One letter that did surprise me in QE39 is the response to correspondence from David Marr. A few things made me wonder. About David Marr. Marr has clearly not learned his lesson. He’s dredged up psychiatric term as an explanation for the peculiarities, greatness and weakness “of leaders like Kevin Rudd”, and to make matters worse, he’s fixed upon one of those quaint, antiquated, unscientific Freudian concepts; “narcissism”. Marr explains that he is a critic of Freudian biography, then three sentences onwards he drops a Freudian term as an explanation. Marr should take his own advice and stay away from this psychoanalytic nonsense. A quick check of the Wikipedia page for the term “Narcissism” and the first thing one reads is that it is supposedly a “personality trait”, but anyone who has studied the real science of psychology will know that “narcissism” has no place at all in any modern, scientifically accepted model of personality dimensions or domains, such as the “Big Five” or Cattell’s 16 personality factors. To quote a writer recently published in New Scientist magazine, psychoanalysis “is the psychology of those who have not bothered to learn psychology”.

Putting aside any reservations about Freudianism and other obsolete theories of the mind, one could ask whether narcissism a fitting label for Rudd. I don’t know if it is, but I doubt it. Maybe one needs to meet Rudd in person to understand where Marr might be coming from. I would think a tendency to behave like a narcissist could well be an occupational hazard for any politician, as this job is, more than any job, all about building up a spiffy image and trying to win everyone’s admiration. I’ve found that people’s personalities are often very much shaped by a job that they have been doing for years, sometimes in unhelpful ways, and I’ve often wondered why psychiatry and psychology have apparently nothing to say about this important mental phenomenon. I know a person who has spent all of a long career teaching, and who has the unfortunate habit of speaking to adults as though they are children, and being thoughtlessly-prescriptive in their dealings with others. I know a person whose job description for many years has included rescuing people, who also rescues in their private life. I once met an old lady whose anti-individualism appeared to have been shaped by her national service during the war, in which orders were not to be questioned. I know a former librarian who can’t stop recommending books to people. It’s sad. What does a long career in politics do to the mind or the personality? I hate to think. Of course, it is always possible that people pick careers (and religious philosophies and political orientations) to fit their pre-existing personalities and motivations. Scientists should study this. Why aren’t they?

My big objection to Marr’s suggestion about Rudd and narcissism is that it is simply not the right thing to do to drop a label like this without giving supporting evidence or argument to back it up. No matter how much one might dislike a person or know about them, a decent person who expects to be taken seriously does not casually drop the name of a supposed personality disorder like a bomb without taking pains to immediately justify one’s use of such a term. That is the type of caper that I might expect to find in the ethics-free atmosphere of a playgroup session among a clique of gossipy mums sipping coffee together in the kitchen, but I expect rather more from a journalist and a biographer. Mr Marr seems to be unable to include a description of personal oddities and a label for such personality traits within the same piece of writing. Maybe there is some legal reason why Marr can’t seem to follow through.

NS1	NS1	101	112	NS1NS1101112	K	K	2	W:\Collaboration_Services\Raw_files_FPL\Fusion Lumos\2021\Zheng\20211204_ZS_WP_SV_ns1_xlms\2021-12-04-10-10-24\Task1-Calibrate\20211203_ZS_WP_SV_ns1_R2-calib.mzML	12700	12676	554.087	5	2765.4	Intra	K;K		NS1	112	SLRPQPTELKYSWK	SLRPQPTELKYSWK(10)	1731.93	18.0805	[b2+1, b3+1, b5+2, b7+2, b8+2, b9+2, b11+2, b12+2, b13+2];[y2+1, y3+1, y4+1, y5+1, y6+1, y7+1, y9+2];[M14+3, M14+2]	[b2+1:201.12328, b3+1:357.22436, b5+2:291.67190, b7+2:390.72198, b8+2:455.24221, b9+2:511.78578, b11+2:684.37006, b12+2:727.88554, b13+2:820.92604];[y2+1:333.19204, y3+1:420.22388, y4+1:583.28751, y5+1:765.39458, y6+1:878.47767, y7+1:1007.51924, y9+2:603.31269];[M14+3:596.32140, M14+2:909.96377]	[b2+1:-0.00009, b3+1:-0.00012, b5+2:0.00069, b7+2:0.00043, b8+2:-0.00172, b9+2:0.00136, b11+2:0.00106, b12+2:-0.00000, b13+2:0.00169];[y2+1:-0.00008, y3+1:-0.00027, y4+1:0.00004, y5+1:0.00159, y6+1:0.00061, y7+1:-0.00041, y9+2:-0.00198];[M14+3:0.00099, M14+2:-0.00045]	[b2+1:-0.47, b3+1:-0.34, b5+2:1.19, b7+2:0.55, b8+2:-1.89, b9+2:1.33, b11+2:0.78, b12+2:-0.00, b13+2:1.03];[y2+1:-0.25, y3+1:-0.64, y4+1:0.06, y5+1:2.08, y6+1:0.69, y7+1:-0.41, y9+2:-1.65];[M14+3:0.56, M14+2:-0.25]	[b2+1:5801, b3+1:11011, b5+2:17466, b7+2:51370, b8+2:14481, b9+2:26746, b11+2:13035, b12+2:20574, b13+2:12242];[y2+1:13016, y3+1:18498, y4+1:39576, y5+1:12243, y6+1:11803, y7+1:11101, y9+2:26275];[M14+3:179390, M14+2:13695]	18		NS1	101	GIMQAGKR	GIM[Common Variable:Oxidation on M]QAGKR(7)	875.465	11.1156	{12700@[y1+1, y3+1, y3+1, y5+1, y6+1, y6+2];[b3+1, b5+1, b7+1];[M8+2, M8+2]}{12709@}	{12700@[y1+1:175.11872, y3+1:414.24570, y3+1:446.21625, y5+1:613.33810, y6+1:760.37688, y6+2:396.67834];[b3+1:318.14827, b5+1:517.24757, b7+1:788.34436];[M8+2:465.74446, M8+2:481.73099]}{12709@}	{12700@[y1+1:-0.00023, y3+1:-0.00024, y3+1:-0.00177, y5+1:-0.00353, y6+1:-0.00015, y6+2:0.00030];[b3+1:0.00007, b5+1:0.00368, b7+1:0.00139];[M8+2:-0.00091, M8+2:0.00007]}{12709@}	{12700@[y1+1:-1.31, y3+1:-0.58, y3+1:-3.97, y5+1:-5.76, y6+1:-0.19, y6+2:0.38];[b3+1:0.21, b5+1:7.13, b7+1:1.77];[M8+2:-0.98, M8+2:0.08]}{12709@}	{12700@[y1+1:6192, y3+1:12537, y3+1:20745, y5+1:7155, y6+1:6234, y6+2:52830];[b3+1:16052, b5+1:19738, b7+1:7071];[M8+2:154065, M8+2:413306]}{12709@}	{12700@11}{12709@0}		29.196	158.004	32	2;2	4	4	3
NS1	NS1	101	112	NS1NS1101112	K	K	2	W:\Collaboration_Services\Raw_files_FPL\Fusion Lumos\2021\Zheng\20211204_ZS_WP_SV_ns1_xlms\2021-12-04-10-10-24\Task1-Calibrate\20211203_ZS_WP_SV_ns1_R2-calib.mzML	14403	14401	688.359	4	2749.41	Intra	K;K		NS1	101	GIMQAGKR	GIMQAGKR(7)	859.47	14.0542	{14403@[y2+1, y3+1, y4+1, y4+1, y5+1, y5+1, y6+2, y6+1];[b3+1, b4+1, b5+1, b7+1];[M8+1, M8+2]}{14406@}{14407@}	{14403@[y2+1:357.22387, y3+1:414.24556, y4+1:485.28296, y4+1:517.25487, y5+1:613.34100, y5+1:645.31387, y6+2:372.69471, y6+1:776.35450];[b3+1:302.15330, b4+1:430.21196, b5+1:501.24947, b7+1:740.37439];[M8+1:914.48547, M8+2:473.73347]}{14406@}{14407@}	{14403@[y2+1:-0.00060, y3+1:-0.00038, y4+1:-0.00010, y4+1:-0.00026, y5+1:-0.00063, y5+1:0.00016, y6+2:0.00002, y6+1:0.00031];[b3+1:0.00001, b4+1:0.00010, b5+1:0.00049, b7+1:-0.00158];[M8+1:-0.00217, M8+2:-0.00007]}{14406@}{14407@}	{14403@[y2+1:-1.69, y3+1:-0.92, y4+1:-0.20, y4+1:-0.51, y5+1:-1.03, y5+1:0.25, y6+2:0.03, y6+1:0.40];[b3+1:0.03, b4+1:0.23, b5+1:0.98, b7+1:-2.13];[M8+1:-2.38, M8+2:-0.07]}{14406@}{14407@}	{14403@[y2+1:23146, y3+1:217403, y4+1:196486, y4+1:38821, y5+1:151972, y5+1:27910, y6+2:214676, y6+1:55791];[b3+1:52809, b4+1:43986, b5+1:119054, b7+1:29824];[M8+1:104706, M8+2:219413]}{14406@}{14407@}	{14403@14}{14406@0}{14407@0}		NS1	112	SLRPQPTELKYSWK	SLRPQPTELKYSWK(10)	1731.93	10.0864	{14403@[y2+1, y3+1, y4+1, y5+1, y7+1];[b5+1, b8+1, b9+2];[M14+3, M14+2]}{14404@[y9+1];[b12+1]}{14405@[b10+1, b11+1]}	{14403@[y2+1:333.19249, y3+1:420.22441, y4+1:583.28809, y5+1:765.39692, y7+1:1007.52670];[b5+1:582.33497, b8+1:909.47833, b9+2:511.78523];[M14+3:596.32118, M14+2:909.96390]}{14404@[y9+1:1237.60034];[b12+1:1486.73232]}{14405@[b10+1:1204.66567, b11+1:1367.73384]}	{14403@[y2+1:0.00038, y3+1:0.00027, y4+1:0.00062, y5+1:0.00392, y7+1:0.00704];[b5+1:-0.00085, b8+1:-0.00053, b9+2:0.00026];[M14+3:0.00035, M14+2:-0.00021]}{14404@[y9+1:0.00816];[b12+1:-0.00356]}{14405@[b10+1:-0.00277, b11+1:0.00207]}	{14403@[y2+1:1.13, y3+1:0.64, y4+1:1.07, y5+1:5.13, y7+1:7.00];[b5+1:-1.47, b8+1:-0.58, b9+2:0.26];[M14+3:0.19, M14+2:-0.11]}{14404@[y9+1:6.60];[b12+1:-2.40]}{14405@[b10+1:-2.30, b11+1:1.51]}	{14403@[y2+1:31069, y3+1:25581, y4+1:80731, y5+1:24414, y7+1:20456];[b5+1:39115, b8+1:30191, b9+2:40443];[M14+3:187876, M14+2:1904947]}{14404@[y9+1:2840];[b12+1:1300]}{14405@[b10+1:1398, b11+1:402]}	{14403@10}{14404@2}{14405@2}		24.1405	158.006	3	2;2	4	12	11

My other surprise about Marr’s letter is that he has, for at least the third time, written about his puzzlement at Rudd’s demeanour “on the night he won office”. Marr claimed that Rudd showed a peculiar “inwardness” and lacked rapport with the crowd. Presumably Marr is referring here to Rudd’s victory speech at the Suncorp Stadium in Brisbane on November 24th 2007. I have had a look at all three sections of Rudd’s 2007 victory speech that are available for viewing on YouTube, and I thought Rudd’s performance was completely appropriate and a near-perfect political performance. I do not think this was an edited version. As far as I can tell, at no point did Rudd lose the audience during this speech. One of his ministers was moved to tears. Rudd made a joke that went down well. The only fault I could find was his slightly preachy comment that “... without family we are nothing.” This is offensive to people who don’t have family for whatever reason. Rudd said stuff to please his Queenslander crowd and he said lots of things to please members of his own party and the union movement, and he thanked all the people one would expect him to thank. Before and after the speech there was much smiling and kissing, as is expected of politicians.